Daniel Limonadi's trying to scare up a scientist to give the science lecture Friday, but nobody's around; they're all at their home institutions. ("You should see the end-of-sol science discussion upstairs right now," one of the few remaining scientists commiserates. "It's the saddest thing I ever saw.") So it falls to Matt Golombek -- thisol's SOWG chair -- to be a good sport and volunteer.
"What do I have to do, exactly?" Matt asks.
"Anything," says Daniel.
Matt thinks about it. "Okay."
Thisol's drive is short, about 1.5m, but tricky. We want to get a particular rock (Coba) in the IDD workspace, but the rock's kind of narrow -- at least along the axis from which we're approaching it. We also want to be turned to a heading of 90 degrees for comm, and we want to ensure that we avoid a particular direction (160 degrees) that's extremely bad for comm, in case the drive faults out in the middle.
Luckily for us -- if you want to think of it that way -- it looks like we're going to get some extra time to work on it. This is because of a problem in the Planner, the software that helps automate the construction of a valid activity plan. The problem turns out to be due to a hard-coded limit in the Planner. Essentially, the developers chose a hard-coded time -- 150,000,000 seconds since the "epoch," 2000 Jan 01 -- to represent "infinity," the time beyond which nobody would ever conceivably want to plan. The software won't let you make plans that extend past the point where the clock runs out.
Guess when the clock runs out.
If you guessed "during today's plan," give yourself five points. You are correct.
It transpires, during the resulting conference call, that the Planner's developers knew about the limitation but hadn't bothered to figure out exactly what it converted to in terms of the real-world calendar. ("Sometime in October" was apparently as far as they went.) They also hadn't bothered to tell the project.
The good news is that they know what the fix is, and will start working on fixing and delivering it now. (Start working on it now? It makes me want to scream. They knew about this problem and couldn't alert the project, fix it, and redeliver the month before it failed? I understand that the rovers have lasted longer than anyone expected them to at the start of the project, but the Planner's developers should have handled this situation better. End soapbox.) And they have a workaround: you can lie to the Planner about what sol it's planning for, although this makes coordination with other uplink tools difficult, slowing the process.
The other good news is that, as Ashitey points out, we rover planners are, for once, not the ones holding up the uplink process. We even have time to sample the free root beer floats given away by the company that designed JPL's Rose Bowl float this year. It's a nice reminder of the long-gone days of free ice cream.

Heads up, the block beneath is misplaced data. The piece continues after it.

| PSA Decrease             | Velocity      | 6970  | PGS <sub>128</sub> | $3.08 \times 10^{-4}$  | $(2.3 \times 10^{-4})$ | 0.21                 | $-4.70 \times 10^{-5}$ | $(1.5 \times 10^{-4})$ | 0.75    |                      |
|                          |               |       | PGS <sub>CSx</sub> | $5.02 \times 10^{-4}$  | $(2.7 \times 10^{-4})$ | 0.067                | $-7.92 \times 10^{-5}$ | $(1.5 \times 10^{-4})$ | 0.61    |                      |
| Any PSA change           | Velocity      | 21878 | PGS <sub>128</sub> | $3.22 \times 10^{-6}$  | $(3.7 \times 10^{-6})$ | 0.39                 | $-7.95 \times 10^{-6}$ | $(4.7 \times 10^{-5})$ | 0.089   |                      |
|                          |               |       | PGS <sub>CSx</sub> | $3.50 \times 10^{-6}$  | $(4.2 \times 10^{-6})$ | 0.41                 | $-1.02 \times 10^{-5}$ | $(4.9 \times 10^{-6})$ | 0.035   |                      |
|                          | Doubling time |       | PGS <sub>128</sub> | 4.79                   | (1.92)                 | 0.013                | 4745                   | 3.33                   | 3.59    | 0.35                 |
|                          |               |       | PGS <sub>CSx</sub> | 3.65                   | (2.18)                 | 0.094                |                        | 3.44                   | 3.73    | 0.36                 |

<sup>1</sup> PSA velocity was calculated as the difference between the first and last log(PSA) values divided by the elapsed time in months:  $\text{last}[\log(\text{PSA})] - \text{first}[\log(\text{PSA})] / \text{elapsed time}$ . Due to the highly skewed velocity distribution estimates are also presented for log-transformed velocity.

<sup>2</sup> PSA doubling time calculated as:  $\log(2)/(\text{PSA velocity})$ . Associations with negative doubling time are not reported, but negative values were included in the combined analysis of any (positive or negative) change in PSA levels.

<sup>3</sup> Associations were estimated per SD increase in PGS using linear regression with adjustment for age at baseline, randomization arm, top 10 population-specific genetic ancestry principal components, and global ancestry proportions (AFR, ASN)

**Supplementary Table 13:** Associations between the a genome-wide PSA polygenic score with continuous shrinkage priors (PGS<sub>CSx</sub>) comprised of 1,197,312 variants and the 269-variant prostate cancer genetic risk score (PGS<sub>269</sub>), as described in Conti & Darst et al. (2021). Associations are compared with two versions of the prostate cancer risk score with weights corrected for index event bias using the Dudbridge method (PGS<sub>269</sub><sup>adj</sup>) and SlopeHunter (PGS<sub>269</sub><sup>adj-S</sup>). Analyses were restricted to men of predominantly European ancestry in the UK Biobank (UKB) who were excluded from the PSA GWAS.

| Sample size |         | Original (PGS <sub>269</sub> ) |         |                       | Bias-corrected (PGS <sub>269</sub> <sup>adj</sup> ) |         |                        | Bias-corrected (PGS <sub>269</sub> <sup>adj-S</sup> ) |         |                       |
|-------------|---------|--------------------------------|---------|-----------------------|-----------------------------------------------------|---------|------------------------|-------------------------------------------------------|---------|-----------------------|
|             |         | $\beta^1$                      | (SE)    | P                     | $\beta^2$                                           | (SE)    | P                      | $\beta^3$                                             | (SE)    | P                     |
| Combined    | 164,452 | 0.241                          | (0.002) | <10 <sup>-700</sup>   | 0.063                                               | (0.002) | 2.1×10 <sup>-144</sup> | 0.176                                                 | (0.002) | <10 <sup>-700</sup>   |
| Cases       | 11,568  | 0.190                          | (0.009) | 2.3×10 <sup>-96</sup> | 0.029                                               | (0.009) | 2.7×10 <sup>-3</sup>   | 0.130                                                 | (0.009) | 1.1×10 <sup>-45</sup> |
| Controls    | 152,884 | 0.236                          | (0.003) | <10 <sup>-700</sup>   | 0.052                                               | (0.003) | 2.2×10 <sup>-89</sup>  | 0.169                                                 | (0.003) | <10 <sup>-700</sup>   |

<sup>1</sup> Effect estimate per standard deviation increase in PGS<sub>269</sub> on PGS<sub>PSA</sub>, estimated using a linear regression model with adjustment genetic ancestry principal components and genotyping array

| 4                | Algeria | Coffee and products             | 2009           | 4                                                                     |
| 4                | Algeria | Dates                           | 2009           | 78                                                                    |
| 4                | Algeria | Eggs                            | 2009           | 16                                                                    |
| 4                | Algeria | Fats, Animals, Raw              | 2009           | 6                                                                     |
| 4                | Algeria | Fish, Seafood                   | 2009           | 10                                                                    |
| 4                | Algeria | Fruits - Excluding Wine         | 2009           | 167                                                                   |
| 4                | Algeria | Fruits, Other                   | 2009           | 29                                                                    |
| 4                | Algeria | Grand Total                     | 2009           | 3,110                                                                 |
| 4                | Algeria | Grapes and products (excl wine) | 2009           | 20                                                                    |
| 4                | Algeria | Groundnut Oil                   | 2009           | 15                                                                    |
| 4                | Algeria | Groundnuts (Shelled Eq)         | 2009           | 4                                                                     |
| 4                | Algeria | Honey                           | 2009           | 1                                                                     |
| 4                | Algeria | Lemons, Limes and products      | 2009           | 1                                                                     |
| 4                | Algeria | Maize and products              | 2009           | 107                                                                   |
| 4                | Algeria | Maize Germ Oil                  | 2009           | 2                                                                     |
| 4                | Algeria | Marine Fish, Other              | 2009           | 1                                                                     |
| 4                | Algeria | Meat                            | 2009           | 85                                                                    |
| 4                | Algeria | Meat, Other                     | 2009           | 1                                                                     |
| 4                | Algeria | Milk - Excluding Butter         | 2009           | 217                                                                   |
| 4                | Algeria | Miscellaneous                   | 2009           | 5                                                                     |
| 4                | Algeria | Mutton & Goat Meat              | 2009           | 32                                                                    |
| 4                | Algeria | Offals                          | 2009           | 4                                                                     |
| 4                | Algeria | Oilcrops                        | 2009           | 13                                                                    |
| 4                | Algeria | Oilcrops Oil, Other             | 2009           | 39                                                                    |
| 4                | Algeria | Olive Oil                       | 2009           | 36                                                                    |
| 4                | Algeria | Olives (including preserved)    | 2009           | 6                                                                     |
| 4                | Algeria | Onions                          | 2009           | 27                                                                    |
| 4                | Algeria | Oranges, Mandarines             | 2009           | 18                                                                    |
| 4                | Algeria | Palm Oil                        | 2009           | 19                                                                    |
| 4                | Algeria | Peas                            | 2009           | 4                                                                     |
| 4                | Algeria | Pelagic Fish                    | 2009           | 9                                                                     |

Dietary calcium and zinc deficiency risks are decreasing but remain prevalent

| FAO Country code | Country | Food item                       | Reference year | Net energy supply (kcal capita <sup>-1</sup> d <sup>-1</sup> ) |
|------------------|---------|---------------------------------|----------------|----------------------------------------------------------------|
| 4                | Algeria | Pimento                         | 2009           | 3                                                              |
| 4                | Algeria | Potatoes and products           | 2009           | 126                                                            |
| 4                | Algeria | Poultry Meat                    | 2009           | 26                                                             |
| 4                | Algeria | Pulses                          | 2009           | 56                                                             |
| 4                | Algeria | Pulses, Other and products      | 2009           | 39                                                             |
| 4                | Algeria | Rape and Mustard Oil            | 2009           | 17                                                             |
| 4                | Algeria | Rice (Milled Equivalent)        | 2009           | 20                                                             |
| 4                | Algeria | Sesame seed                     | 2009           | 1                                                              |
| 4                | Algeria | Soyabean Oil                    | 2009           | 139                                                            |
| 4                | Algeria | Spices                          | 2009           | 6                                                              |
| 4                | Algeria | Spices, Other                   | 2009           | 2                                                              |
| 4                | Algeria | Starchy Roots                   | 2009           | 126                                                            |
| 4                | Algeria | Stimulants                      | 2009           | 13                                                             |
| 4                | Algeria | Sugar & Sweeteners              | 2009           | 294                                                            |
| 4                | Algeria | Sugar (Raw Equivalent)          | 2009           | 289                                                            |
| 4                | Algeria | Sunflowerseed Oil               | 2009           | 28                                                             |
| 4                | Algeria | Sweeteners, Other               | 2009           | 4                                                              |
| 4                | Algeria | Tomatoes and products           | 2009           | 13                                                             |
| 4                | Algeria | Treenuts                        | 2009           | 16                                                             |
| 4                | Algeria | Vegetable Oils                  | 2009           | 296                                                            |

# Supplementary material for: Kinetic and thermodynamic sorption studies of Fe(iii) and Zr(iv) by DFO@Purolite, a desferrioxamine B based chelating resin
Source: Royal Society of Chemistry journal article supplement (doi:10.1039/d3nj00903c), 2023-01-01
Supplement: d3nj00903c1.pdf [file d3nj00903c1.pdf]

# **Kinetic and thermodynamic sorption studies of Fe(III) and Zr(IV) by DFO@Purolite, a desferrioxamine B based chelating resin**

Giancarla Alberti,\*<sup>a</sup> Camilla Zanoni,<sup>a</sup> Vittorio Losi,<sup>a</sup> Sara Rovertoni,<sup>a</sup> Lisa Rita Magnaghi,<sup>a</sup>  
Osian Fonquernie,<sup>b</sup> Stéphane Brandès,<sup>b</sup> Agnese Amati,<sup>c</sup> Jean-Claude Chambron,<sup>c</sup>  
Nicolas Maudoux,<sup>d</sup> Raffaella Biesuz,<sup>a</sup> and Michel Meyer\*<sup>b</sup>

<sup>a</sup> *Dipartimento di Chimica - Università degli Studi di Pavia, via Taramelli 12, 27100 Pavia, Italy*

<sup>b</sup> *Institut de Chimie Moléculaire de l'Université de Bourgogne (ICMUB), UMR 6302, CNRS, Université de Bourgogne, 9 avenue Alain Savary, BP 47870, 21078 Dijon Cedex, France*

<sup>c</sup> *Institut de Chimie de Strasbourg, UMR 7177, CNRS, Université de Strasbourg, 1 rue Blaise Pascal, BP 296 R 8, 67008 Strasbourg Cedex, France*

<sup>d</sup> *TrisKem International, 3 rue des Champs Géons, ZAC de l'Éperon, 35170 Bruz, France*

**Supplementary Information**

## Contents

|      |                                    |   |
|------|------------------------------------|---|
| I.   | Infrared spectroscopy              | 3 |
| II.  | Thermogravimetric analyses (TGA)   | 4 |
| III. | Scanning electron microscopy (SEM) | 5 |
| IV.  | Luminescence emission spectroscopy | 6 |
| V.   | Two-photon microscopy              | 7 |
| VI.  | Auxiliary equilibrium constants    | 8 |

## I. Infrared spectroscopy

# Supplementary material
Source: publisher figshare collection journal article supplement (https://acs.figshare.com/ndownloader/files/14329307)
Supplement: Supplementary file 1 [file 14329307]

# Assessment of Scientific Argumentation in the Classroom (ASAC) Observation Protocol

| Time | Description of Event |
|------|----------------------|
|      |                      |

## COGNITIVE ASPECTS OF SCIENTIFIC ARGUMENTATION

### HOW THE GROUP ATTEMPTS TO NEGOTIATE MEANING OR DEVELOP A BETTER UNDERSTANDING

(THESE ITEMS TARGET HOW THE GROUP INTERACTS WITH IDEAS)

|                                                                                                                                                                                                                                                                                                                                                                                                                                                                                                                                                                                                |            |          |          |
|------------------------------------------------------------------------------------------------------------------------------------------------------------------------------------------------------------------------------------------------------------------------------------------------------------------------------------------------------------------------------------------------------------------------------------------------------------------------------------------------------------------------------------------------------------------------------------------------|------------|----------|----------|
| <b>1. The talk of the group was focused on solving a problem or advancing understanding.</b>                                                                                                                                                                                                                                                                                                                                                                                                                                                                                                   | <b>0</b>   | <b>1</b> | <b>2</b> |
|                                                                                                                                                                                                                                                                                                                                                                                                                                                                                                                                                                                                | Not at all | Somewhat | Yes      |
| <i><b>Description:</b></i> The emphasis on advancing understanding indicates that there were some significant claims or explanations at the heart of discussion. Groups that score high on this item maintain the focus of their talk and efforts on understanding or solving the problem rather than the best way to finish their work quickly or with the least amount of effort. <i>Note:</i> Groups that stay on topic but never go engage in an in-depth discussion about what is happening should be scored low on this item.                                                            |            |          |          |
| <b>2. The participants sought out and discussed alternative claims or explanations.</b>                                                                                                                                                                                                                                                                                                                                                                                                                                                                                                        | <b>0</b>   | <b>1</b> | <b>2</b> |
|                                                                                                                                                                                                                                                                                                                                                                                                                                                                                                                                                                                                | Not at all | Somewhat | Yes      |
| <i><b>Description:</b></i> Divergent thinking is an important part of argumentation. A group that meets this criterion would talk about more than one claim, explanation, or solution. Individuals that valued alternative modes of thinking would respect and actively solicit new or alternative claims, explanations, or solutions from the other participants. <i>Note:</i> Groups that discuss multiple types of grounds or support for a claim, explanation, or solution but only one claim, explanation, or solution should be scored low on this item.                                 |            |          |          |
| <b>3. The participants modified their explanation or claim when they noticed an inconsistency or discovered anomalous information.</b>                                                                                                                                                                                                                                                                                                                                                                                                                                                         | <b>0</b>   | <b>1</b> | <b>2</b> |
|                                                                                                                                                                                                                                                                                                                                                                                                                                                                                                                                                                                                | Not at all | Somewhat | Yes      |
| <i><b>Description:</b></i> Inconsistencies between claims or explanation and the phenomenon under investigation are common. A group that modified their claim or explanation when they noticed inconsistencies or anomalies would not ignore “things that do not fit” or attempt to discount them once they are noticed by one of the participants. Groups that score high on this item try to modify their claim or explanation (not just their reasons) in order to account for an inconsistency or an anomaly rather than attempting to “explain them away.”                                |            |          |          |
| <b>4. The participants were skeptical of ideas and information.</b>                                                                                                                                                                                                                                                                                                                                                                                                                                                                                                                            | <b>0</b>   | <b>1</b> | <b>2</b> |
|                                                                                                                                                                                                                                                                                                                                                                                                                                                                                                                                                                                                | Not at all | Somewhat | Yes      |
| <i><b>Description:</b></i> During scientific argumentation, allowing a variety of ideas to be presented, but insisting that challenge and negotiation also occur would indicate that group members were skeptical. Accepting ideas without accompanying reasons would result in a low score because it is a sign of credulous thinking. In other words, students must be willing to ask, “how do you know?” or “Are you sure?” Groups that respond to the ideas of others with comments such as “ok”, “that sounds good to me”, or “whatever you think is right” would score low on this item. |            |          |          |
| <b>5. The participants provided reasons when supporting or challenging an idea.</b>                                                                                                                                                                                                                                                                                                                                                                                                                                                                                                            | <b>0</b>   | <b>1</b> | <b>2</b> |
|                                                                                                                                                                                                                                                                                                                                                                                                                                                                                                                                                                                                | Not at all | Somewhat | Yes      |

Ashitey's planned a very careful drive that avoids nearby rocks that might cause us to slip, and that also avoids driving over Coba. As I'm hacking on his sequence, though, I realize that there's a much simpler, more direct, faster, and safer drive -- but it'll cause us to drive one of the wheels over Coba, which the scientists often don't want us to do. In fact, if the drive goes exactly as planned, Spirit would drive her left front wheel onto Coba, turn the wheel, and then drive off as she turned in place, leaving Coba directly in front of her. This would be likely to scuff the rock, at least a bit.
I think about it and decide to ask Matt if we can drive over Coba. He asks the rest of the team and comes back with, "Sure, scuff it up all you want. Fresh surface would be great. Hell, if you can break it, that'd be even better. Stomp on it."
And to think I almost didn't ask. Naturally, we change the drive.
As I'm working out the details, Daniel Limonadi (our TDL thisol) starts waffling on the comm direction -- turns out that 70 degrees might be better than 90. We've just gotten the drive sequence worked out, and this would change it again. Ashitey somehow manages to talk him out of it, and the drive remains intact. Good on ya, Ashitey!
Daniel also proves a tough critic at the walkthrough, asking several difficult questions and in the process uncovering a couple of minor, but real, problems. It makes me realize that while this sort of probing questioning used to be a daily (solly?) occurrence at our reviews, it's now virtually absent. I don't know why the change occurred -- everyone just assumes everyone else knows what they're doing, I guess. Maybe that'll be how we lose the rover.
In any case, the problems Daniel points out are readily fixed, and in the end I go home feeling more confident in the sequence than I would have otherwise. Good on ya, Daniel.